Ada Health’s chief medical officer on AI and building trust in digital health tools

The Berlin-headquartered company's chief medical officer spoke at Slush, an event that took place in Finland last week.
By Leontina Postelnicu
05:57 am

Credit: Ada Health

As pressures on healthcare systems intensify, an increasing number of consumers are turning to the use of symptom checkers in the search for fast answers – or guidance – to any concerns that they may have. But although these tools have become popular, questions around their accuracy, and not only, are plaguing the digital health space.

Last week, at Slush, Ada Health cofounder and chief medical officer Claire Novorol spoke to Wired UK’s Victoria Turk about the Berlin-headquartered company’s approach to building trust in its AI-powered chatbot.

“Absolutely key, first of all, is the quality of the product,” Novorol told the audience. “So what we’ve always focused on from the very beginning, eight years ago now actually, is the quality of the core product, the foundation of everything that we do, and that’s our knowledge base, our reasoning engine, and how it works, the clinical quality of that, accuracy, safety.”

Putting the patient “at the heart of everything” and being “open, transparent and proactive” in interactions with all stakeholders are equally as important, Novorol continued.

Ada Health’s journey

Initially, Ada Health sought to create a tool that would support doctors in the diagnostic decision-making process, following Novorol's experience of working in the UK's NHS as a paediatrician and as a clinical geneticist, where she was seeing patients with rare conditions. 

The team, however, soon identified an opportunity to reach the individual directly. But that required a new approach. “We had to make this switch over from being a very clinically-driven, medical-facing product and also launching an app that’s available to the everyday individual,” the cofounder said.

“About four years ago now, we did a lot of work on how to build an interface that was friendly, yet at the same time authoritative and trustworthy, and using very strong clinically, but at the same time very simple, easy to understand, patient-friendly language.”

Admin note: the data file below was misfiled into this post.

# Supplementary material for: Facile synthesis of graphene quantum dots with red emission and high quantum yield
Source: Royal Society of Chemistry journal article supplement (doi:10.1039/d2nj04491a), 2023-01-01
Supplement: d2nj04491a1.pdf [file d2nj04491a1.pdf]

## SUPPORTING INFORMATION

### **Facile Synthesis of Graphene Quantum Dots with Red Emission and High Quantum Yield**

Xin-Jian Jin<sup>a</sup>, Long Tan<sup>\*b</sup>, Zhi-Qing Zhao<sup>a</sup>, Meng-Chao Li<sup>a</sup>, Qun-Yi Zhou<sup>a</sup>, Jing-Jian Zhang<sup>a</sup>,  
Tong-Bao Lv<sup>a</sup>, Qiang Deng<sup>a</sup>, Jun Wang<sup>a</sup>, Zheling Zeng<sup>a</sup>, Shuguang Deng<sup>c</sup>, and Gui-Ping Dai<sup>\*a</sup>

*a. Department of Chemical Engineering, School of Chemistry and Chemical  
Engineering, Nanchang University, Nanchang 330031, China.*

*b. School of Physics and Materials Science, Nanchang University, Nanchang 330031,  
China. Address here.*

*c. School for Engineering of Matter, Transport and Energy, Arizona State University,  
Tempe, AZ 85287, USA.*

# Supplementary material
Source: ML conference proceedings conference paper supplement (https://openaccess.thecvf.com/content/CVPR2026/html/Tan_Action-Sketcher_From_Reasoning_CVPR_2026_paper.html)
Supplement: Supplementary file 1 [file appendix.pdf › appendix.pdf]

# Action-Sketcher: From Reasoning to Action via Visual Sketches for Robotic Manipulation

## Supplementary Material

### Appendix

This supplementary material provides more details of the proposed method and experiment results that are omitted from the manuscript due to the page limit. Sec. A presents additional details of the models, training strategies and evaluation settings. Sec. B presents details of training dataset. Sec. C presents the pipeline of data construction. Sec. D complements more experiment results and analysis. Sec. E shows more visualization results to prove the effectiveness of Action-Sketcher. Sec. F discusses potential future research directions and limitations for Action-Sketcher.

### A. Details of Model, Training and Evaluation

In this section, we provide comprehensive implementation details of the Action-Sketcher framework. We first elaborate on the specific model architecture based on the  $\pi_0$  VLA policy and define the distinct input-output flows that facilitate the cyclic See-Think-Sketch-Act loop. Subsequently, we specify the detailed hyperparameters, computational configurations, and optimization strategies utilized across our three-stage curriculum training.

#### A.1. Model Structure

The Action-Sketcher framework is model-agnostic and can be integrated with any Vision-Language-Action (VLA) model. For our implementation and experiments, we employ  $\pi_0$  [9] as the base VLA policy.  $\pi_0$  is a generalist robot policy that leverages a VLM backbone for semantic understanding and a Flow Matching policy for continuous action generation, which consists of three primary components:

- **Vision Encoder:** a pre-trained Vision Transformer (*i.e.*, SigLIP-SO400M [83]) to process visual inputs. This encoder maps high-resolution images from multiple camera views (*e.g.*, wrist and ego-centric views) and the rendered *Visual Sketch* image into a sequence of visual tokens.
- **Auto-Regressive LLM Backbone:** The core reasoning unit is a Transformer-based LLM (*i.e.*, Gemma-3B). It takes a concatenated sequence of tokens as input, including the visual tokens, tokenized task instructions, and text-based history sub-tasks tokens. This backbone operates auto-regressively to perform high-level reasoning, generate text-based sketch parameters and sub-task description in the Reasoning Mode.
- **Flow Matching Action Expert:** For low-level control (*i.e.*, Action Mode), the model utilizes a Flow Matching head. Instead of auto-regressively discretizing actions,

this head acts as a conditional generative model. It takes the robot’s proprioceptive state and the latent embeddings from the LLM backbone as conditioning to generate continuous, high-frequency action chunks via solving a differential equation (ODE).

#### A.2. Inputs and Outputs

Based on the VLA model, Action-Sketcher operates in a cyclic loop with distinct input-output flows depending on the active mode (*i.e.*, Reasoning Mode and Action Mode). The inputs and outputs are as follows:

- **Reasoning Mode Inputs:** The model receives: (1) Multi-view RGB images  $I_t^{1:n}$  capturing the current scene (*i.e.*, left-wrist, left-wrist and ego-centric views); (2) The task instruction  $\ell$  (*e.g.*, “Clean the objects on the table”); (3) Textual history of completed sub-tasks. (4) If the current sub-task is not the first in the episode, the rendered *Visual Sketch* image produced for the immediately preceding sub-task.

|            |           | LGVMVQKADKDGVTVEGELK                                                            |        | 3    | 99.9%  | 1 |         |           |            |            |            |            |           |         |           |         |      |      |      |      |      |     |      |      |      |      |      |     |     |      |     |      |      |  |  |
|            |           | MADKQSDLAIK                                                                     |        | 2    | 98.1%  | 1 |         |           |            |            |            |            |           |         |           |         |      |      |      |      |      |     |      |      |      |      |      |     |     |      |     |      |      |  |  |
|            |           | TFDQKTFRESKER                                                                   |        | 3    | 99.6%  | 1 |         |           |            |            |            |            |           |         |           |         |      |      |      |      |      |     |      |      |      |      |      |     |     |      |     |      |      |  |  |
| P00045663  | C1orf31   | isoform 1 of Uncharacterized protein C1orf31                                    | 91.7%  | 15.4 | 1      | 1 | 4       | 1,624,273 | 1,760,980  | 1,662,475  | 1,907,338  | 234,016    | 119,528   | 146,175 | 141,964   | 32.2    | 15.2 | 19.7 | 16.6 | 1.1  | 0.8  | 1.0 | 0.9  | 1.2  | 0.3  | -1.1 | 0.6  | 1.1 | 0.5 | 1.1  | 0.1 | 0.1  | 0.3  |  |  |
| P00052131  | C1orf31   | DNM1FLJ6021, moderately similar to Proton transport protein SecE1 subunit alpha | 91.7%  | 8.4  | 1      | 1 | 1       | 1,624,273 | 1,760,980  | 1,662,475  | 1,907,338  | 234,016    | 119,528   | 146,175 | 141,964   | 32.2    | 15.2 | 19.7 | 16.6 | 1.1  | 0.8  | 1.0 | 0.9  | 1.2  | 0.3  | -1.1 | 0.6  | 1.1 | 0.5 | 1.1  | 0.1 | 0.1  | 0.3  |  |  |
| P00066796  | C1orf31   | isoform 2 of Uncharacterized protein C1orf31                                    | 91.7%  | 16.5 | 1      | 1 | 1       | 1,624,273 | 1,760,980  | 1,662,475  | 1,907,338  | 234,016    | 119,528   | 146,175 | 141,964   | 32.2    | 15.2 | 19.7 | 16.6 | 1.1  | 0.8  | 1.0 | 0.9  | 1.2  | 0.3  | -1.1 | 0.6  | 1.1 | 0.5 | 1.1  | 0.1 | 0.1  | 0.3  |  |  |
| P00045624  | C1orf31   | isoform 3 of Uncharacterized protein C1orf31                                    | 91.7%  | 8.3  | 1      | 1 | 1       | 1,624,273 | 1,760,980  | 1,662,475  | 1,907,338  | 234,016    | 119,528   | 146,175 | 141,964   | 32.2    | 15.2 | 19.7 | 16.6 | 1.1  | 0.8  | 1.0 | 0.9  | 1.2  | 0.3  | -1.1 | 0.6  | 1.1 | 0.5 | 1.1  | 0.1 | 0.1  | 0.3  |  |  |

At the moment, the company is leading a stream within an initiative from the World Health Organisation on benchmarking AI in healthcare, which looks at AI-powered symptom assessments.

“We have, as part of that group, academics, industry stakeholders, experts, and a lot of other companies working in our space, our competitors, we work closely with them on this topic of what does good look like, how do we measure accuracy and safety, how do we benchmark these products,” Novorol explained.

However, Ada Health hasn’t chosen a “pure machine learning approach”, according to the CMO, with “human experts” playing a key role in ensuring that the app and the information provided is continuously improved, feedback from users is implemented and bias prevented “from the ground up”. 

Expanding with the user in mind

Now, their app is available in a variety of languages, including Portuguese, Spanish, and, most recently, Swahili, following a partnership with Fondation Botnar. This was prompted by the team finding that individuals were more likely to use the tool again if it was available in their own language.

But ensuring that services are tailored to the needs of users is not just about that. “It’s making sure that we’re adapting for local conditions, prevalences of diseases in that [specific] country, then cultural nuances, how you interact with an individual,” Novorol said. “We work with doctors (…), local clinicians trained in that language.”

A “much more personalised approach” to finding information

As companies like Ada Health continue to expand, many have been left wondering where this type of digital health tools fit into the wider healthcare system. Novorol cautioned that their app should be seen as the “first port of call”, and not a GP replacement. That is because it does not provide a diagnosis or a single condition as the cause of symptoms that someone may experience, but instead offers a range of possibilities and guides the user to seek appropriate care.

“What’s very important for us is being very clear about what Ada does and doesn’t do, being very clear about the promise and not overpromising,” Novorol told the audience at Slush. “The combination of Ada and doctor is powerful.”


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